ST. LOUIS — The Red Sox bullpen was already one of their strengths, well before all eight relievers they have combined for seven shutout innings Wednesday night in a 13-inning, 5-4 win over the Cardinals.
“I mean really, who cares about my performance tonight?” said starter Rick Porcello, who accounted for the Cardinals' runs. “I think the story of the game is the bullpen coming out there and throwing six or seven goose eggs, whatever it was . . . They were phenomenal. They were the reason why we won.”
They weren’t supposed to be this good without Carson Smith and Tyler Thornburg, and yet they continue to excel.
Robby Scott’s ERA is down to 0.87. His career ERA is 0.55. He debuted on Sept. 2. From that day on, only one reliever (among those with a minimum of 10 innings thrown) has been better: Orioles closer Zach Britton, at 0.41.
“As a whole, we’ve got a great group of guys down there right now,” said Joe Kelly, a former Cardinals farmhand. “It’s something that we take pride in. You know we’ve had guys go on the DL that aren’t part of the unit right now, but something that we take pride in. We get our name called and go out there and try to perform the best we can. Since Game 1 of this season, I feel like for the most part we’ve gone out there and done our jobs.
“It gives us even more confidence as a whole [knowing] when we get the ball it’s going to be shutdown innings.”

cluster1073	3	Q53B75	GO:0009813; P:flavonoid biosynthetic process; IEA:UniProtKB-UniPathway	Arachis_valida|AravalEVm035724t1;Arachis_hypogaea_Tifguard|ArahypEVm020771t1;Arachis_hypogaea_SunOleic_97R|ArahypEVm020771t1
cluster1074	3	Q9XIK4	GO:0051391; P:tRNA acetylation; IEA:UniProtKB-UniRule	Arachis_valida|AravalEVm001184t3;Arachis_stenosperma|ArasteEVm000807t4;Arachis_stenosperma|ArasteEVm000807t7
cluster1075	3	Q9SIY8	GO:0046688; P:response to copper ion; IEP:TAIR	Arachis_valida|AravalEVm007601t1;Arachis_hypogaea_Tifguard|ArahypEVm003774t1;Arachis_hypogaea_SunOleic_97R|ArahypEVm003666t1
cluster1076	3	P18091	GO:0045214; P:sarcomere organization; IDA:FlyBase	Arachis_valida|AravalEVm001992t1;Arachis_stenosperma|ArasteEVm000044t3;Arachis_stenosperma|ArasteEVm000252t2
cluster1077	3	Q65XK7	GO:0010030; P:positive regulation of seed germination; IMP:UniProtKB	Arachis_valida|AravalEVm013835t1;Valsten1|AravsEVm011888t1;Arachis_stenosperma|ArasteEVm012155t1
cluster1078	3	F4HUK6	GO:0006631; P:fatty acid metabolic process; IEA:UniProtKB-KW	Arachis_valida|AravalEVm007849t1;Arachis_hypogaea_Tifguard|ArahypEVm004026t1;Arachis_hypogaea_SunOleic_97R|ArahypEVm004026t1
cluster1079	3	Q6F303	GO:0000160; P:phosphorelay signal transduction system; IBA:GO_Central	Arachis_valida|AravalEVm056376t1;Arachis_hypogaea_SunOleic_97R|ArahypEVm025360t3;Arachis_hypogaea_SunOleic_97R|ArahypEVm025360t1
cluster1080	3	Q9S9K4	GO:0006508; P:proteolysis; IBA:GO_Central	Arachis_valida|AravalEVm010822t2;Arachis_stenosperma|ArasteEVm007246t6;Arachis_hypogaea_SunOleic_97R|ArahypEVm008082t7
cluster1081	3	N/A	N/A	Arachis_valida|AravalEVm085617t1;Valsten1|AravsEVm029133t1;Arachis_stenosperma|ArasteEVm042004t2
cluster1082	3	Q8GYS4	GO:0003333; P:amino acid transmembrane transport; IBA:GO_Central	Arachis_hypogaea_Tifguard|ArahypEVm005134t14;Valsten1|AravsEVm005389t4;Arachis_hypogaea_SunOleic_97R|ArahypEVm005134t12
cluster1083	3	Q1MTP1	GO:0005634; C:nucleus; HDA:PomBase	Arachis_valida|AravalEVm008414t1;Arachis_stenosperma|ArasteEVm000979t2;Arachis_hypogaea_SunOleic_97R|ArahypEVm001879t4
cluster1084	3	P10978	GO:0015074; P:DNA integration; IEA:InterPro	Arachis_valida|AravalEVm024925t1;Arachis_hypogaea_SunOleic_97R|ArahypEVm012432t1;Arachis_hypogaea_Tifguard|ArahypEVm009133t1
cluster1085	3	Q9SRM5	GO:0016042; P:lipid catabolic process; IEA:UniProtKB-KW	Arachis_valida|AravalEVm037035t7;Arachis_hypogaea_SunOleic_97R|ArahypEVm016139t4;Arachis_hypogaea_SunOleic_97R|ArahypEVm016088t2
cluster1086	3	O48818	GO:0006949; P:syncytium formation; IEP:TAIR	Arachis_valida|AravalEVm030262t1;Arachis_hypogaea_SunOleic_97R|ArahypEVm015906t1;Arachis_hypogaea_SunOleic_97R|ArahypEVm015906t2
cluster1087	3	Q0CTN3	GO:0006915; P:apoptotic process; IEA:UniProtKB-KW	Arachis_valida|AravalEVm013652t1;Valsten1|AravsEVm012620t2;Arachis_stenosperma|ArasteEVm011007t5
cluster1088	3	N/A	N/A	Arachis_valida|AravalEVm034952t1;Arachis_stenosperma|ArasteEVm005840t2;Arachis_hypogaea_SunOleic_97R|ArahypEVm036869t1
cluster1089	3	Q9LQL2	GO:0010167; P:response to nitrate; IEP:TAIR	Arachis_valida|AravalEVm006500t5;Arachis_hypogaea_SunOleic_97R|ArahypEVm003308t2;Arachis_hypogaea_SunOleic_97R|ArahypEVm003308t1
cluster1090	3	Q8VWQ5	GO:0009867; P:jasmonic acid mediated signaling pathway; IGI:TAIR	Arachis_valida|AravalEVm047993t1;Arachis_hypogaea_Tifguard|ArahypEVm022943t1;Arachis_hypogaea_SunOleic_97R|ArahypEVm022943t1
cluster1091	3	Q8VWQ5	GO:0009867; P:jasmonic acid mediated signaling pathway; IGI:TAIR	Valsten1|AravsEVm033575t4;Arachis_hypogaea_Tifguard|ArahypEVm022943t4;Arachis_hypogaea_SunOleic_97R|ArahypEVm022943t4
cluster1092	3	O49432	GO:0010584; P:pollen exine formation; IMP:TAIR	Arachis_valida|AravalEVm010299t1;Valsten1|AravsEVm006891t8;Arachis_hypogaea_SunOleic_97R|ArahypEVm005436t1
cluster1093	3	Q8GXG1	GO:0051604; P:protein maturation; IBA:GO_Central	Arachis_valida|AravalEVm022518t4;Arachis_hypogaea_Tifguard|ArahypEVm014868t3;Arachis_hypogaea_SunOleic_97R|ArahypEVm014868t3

Kelly’s night was an oddity, and an encouraging one. He’s been one of the hardest throwing pitchers anywhere this season, but per BrooksBaseball.net, the hardest pitch he threw on Thursday was 94 mph. He’s hit 102 mph already this season.
No, he wasn’t hurt as he recorded two outs and allowed one hit, he said. This was a purposeful attempt to gain better control and more run to his two-seamer against hitters he’s familiar with.
Pitching in the eighth inning right after the Red Sox scored two runs in the top half of the inning to tie the score at 4-4, Kelly threw 10 pitches, six of them breaking balls. He threw seven strikes in all.
Aledmys Diaz grounded out to third, Magneuris Sierra struck out looking on a fastball and Kolten Wong singled.
“Coming up in this organization is, the hitters that I ended up facing . . . I’ve seen 'em in spring training, I’ve seen 'em throughout their whole careers,” said Kelly, who chatted with old friends during batting practice both days. “These are hitters that are very patient. If you start trying to blow it out and throw it as hard as you can and start throwing balls, these guys will take pitches.
“It’s one of those things where I mentally went into the game knowing that if I paint, you know, with a little bit of movement, they’re going to be taking pitches. If I throw strikes with my breaking ball — Wong got that hit. It wasn’t hit hard. But, before that, I got two strikes on him. Swing and miss with the breaking ball.
“I know Diaz too. Early in spring training, I threw fricken 99 down and away and he ripped a line drive over the first baseman’s head. So it was one of those things where I was conscious. Coming back, I didn’t want to go out there and overthrow [in a] tie game and put guys on base for free. So just try to get out there and throw strikes with a little bit of movement."
Kelly said he expects to try this again going forward. He’s done it before as a starter.